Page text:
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SYSTEMATIC REVIEW article

Front. Neurol., 17 January 2024
Sec. Stroke
This article is part of the Research Topic Advances and controversies in ischemic stroke management: from prevention to diagnosis and acute treatment View all 51 articles

Comparative efficacy of different exercise methods to improve cardiopulmonary function in stroke patients: a network meta-analysis of randomized controlled trials

Chengshuo Wang,&#x;Chengshuo Wang1,2Yanan Xu&#x;Yanan Xu2Linli ZhangLinli Zhang1Weijiao FanWeijiao Fan2Zejian LiuZejian Liu2Mingjin Yong
Mingjin Yong3*Liang Wu
Liang Wu2*
  • 1Tianjin Key Laboratory of Exercise Physiology and Sports Medicine, Institute of Sport, Exercise & Health, Tianjin University of Sport, Tianjin, China
  • 2Beijing Xiaotangshan Hospital, Beijing, China
  • 3Department of Rehabilitation, Lianyungang Hospital of Traditional Chinese Medicine, Lianyungang, China

Background: Although some studies have shown that exercise has a good effect on improving the cardiopulmonary function of stroke patients, it still needs to be determined which exercise method does this more effectively. We, therefore, aimed to evaluate the effectiveness of different exercise methods in improving cardiovascular function in stroke patients through a network meta-analysis (NMA), providing a basis to select the best treatment plan for stroke patients.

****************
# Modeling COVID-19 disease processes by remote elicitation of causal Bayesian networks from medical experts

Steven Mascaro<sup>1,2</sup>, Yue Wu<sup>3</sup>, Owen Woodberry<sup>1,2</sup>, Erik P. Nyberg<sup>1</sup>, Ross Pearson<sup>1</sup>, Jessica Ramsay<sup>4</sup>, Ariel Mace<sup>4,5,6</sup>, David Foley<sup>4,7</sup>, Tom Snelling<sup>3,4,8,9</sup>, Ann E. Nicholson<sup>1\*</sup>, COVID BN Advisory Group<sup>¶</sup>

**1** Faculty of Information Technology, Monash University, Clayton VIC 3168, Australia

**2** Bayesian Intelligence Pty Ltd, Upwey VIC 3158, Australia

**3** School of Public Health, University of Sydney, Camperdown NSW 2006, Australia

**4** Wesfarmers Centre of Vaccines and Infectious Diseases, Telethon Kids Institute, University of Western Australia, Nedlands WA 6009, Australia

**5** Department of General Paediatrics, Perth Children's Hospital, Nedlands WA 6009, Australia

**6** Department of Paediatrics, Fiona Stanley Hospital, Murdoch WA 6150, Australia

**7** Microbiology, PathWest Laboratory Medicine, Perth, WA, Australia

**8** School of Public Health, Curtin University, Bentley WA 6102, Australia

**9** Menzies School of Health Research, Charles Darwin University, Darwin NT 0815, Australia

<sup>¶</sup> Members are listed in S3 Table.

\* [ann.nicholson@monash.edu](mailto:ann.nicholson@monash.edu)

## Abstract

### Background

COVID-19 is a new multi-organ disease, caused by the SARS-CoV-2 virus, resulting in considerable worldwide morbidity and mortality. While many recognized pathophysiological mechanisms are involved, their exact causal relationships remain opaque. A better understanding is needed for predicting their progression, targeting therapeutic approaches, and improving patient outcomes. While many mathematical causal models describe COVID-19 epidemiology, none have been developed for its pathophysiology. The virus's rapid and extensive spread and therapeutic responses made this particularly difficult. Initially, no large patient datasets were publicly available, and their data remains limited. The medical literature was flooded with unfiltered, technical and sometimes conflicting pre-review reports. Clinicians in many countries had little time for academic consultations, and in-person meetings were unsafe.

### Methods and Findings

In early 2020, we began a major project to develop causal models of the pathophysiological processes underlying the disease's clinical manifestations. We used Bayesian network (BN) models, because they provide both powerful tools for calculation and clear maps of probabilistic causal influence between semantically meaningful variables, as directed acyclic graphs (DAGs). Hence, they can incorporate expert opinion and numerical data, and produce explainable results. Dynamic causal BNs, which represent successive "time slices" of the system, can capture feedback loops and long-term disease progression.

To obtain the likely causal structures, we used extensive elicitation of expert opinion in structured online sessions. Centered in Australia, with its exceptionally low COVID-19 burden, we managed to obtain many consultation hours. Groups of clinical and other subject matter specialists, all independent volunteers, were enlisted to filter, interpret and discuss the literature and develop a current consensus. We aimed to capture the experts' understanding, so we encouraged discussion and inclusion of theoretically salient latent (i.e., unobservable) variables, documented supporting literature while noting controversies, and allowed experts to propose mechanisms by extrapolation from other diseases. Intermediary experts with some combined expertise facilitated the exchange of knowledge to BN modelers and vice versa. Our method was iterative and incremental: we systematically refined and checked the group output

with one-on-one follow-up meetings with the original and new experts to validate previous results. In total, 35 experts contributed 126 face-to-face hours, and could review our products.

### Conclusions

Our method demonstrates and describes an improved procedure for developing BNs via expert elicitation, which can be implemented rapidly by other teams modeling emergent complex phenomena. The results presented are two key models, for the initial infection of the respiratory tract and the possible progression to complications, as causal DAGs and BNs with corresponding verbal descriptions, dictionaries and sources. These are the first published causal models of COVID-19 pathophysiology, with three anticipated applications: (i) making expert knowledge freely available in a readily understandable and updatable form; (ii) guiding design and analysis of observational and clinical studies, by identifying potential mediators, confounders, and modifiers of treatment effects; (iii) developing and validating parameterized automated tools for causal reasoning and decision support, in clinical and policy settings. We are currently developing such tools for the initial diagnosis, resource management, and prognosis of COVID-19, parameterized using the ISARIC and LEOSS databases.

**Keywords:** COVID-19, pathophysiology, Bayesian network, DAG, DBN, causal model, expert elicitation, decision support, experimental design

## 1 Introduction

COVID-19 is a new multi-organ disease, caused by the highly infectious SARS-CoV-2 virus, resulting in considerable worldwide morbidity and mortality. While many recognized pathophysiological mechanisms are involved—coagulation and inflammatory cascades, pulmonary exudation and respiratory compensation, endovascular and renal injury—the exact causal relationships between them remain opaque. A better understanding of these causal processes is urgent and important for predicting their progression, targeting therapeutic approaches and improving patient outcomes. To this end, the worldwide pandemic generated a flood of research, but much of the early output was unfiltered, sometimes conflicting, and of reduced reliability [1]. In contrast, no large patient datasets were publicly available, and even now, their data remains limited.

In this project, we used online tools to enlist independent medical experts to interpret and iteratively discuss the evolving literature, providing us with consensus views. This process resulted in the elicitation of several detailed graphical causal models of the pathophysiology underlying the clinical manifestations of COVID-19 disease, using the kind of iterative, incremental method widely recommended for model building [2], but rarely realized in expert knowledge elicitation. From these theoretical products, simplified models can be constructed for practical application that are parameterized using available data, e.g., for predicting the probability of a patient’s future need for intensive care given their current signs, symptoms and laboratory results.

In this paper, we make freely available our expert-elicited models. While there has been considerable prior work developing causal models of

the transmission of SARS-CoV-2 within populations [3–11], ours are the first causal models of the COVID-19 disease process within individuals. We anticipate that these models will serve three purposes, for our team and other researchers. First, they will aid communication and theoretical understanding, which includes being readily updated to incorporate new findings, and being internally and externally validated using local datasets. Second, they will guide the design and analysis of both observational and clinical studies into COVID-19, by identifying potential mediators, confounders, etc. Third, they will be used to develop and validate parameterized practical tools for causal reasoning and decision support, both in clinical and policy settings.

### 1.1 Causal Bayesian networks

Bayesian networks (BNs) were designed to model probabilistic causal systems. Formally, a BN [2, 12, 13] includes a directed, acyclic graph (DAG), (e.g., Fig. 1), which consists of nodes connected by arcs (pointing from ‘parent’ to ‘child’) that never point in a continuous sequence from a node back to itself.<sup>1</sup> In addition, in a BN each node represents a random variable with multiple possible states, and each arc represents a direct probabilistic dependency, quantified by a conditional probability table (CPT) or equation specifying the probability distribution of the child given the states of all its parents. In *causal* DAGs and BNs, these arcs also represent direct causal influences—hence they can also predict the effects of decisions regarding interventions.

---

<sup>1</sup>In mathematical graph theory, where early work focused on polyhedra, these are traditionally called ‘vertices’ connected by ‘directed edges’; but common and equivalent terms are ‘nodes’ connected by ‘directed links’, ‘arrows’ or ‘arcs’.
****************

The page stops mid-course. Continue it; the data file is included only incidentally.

Methods: We systematically searched CNKI, WanFang, VIP, CBM, PubMed, Embase, Web of Science, and The Cochrane Library databases from establishment to 30 April 2023. Randomized controlled trials (RCTS) on exercise improving cardiopulmonary function in stroke patients were included, and we screened the included articles and extracted the relevant data. RevMan (version 5.4) and Stata (version 17.0) were used for data analysis.

Results: We included 35 RCTs and a total of 2,008 subjects. Intervention measures included high-intensity interval training (HIIT), aerobic training (AT), resistance training (RT), combined aerobic and resistance exercise (CE), and conventional therapy (CT). In the network meta-analysis, the surface under the cumulative ranking area (SUCRA) ranking result indicated that HIIT improved peak oxygen uptake (VO2peak) and 6 mins walking distance (6MWD) optimally, with rankings of HIIT (100.0%) > CE (70.5%) > AT (50.2%) > RT (27.7%) > CT (1.6%), and HIIT (90.9%) > RT (60.6%) > AT (48.9%) > RT (48.1%) > CT (1.5%), respectively. The SUCRA ranking result showed that CE improved systolic blood pressure (SBP) and diastolic blood pressure (DBP) optimally, with rankings of CE (82.1%) > HIIT (49.8%) > AT (35.3%) > CT (32.8%), and CE (86.7%) > AT (45.0%) > HIIT (39.5%) > CT (28.8%), respectively.